The court further reasoned that this reading of the condition comports with the reasonable expectations of builders who purchase such policies that they will be covered throughout the entire construction process. The court stated:

. . . it is standard practice for banks making loans to construction companies to require those companies to maintain builder’s risk insurance throughout the construction process. Testimony at the second trial also indicated that banks making loans to home purchasers generally require purchasers to obtain insurance on the property prior to any dispensation of loan funds. Thus, any builder who procures a policy that terminates “when permanent property insurance applies” could face a time period near the end of construction in which the builder would have no insurance coverage for the property while a prospective purchaser prepares for closing – even if construction on the property continues and the prospective sale ultimately fails to close.

Leaving builders exposed to such uninsured risk of loss would thoroughly frustrate their reasonable expectations . . .  Id. at ¶¶ 66-67.

This case is only the second appellate or federal court decision to interpret the “when permanent property insurance applies” provision contained in many builder’s risk policies. However, its persuasive effect in other jurisdictions may be limited somewhat by a strongly worded dissent, in which one of the justices disputed the majority’s reasoning, stating that:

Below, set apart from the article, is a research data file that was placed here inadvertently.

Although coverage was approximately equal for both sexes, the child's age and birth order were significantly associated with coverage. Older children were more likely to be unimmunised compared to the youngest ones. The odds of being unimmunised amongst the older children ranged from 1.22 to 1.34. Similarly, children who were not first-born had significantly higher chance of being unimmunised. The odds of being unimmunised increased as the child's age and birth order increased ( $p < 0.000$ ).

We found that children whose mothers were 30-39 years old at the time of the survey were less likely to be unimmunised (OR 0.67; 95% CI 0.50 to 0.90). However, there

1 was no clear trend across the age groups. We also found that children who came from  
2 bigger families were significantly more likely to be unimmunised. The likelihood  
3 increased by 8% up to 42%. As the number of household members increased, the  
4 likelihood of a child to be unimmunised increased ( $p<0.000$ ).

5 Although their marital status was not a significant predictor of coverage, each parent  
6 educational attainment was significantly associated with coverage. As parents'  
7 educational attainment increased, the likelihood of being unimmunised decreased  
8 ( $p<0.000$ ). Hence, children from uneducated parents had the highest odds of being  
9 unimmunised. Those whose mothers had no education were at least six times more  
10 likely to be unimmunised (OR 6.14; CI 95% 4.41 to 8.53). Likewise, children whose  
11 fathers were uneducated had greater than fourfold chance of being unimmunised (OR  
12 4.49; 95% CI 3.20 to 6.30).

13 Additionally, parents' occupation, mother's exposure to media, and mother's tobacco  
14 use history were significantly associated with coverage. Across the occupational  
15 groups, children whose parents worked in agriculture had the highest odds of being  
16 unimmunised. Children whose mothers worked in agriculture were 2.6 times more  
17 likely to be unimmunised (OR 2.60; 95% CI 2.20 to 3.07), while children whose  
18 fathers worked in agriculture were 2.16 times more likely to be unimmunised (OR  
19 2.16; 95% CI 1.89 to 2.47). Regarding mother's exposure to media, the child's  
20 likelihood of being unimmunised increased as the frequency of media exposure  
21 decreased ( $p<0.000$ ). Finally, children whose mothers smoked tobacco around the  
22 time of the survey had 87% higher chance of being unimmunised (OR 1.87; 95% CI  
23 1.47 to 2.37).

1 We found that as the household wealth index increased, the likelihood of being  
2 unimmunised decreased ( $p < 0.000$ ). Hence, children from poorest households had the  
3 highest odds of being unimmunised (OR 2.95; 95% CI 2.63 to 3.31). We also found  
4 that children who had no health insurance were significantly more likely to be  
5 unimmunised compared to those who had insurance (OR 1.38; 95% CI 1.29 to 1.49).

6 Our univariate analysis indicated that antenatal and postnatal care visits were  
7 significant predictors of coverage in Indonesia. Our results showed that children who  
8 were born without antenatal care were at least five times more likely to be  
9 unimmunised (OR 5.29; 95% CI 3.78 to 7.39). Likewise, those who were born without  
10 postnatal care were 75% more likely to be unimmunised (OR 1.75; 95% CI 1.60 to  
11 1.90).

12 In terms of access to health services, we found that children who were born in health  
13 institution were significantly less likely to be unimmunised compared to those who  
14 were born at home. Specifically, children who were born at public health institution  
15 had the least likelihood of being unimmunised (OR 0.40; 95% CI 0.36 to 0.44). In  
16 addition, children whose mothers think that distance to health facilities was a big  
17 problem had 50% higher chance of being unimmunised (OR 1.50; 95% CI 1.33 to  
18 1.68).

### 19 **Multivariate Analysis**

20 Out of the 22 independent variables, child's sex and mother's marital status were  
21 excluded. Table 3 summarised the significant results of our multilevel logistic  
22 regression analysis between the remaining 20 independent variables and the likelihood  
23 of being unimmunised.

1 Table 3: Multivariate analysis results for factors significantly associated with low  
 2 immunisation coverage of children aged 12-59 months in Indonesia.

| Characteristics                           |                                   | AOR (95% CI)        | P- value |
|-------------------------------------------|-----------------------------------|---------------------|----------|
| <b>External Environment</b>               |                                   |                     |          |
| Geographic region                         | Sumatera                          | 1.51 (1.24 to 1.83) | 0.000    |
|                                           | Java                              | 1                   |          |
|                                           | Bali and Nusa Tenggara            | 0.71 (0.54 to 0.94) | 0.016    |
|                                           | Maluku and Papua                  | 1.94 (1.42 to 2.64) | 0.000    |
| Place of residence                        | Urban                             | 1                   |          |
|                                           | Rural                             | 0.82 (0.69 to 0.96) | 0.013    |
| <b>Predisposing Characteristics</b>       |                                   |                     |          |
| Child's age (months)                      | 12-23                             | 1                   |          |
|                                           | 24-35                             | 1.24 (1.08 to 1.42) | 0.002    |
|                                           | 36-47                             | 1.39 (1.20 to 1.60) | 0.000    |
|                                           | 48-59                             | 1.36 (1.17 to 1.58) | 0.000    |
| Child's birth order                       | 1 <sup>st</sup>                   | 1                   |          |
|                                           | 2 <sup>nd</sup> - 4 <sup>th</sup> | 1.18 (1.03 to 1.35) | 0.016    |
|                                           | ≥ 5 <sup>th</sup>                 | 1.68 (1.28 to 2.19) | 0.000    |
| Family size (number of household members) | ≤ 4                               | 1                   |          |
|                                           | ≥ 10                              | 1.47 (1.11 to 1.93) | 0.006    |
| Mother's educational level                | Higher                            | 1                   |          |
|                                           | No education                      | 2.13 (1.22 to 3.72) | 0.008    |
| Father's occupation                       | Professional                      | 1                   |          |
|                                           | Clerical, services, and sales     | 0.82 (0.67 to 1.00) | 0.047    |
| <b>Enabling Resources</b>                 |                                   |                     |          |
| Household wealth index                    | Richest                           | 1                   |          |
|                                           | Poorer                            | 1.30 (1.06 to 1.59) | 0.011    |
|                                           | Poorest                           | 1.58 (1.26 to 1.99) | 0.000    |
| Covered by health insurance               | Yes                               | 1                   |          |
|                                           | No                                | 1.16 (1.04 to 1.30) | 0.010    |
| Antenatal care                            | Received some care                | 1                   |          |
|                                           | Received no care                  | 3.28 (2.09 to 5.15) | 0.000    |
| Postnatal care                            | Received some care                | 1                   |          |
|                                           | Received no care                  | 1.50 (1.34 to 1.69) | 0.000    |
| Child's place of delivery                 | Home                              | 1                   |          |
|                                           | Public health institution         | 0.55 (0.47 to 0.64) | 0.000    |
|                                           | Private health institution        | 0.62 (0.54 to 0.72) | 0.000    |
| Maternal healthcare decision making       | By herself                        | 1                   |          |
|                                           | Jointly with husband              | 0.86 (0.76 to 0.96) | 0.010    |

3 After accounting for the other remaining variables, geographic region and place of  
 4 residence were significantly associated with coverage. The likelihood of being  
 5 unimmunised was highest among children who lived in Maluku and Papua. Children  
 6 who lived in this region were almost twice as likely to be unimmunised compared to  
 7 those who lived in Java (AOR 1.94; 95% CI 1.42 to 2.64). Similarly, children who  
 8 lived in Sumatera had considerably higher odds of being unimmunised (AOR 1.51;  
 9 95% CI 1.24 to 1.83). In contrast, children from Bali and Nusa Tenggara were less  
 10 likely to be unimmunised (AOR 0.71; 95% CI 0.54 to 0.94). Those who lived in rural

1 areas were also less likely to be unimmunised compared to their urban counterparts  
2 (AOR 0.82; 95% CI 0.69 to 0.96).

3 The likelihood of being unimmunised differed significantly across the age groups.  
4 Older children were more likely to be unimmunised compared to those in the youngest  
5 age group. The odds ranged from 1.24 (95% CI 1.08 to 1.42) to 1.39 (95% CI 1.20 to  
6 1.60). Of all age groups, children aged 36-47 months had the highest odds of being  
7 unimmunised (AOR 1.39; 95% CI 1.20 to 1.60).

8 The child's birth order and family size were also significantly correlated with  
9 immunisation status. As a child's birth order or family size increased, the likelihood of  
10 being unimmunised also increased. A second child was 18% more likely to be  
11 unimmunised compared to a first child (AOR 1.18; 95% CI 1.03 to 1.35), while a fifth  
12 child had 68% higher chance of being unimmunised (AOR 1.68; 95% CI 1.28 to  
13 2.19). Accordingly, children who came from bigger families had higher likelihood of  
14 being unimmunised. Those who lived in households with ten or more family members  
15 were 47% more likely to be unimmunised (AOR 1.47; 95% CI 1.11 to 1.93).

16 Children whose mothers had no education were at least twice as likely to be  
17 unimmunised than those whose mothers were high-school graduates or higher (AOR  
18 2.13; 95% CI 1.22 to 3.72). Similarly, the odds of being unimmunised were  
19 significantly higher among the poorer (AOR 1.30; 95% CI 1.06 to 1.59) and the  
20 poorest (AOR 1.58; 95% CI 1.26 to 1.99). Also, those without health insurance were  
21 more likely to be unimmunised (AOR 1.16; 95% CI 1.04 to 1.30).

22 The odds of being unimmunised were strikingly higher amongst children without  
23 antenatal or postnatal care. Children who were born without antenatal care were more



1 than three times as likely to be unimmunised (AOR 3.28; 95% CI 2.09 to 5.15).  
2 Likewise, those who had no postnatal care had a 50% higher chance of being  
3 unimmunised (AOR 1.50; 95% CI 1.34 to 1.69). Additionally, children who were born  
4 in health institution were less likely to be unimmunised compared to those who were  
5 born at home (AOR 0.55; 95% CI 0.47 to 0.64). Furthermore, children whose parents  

Under the unambiguous terms of the builder’s risk policy, the homeowner’s policy in effect on the date of loss constituted “property insurance that applies.” Coverage under the builder’s risk policy ended when coverage under the homeowner’s policy took effect. Id. at ¶ 102.

What Constitutes Insurance “Bad Faith” in Wisconsin?

Kenneth Kan | Property Insurance Coverage Law Blog | April 16, 2015

Earlier this week, college hoops fans were treated to a great matchup between the University of Wisconsin and Duke University in the championship game of the 2015 NCAA Basketball Tournament. Last week, in the spirit of the tournament, I wrote about insurance “bad faith” in Kentucky. Perhaps I jinxed the Kentucky Wildcats because they ended up losing to the Badgers of Wisconsin. Well, this week I was initially going to blog about what constitutes insurance “bad faith” in North Carolina (to honor Duke as the champions), but my colleague Nicole Vinson works cases in North Carolina and has blogged extensively about insurance subjects relating to the state. So, it makes sense for me to turn my attention to Wisconsin and share my research on what it takes to establish a claim for bad faith in Wisconsin.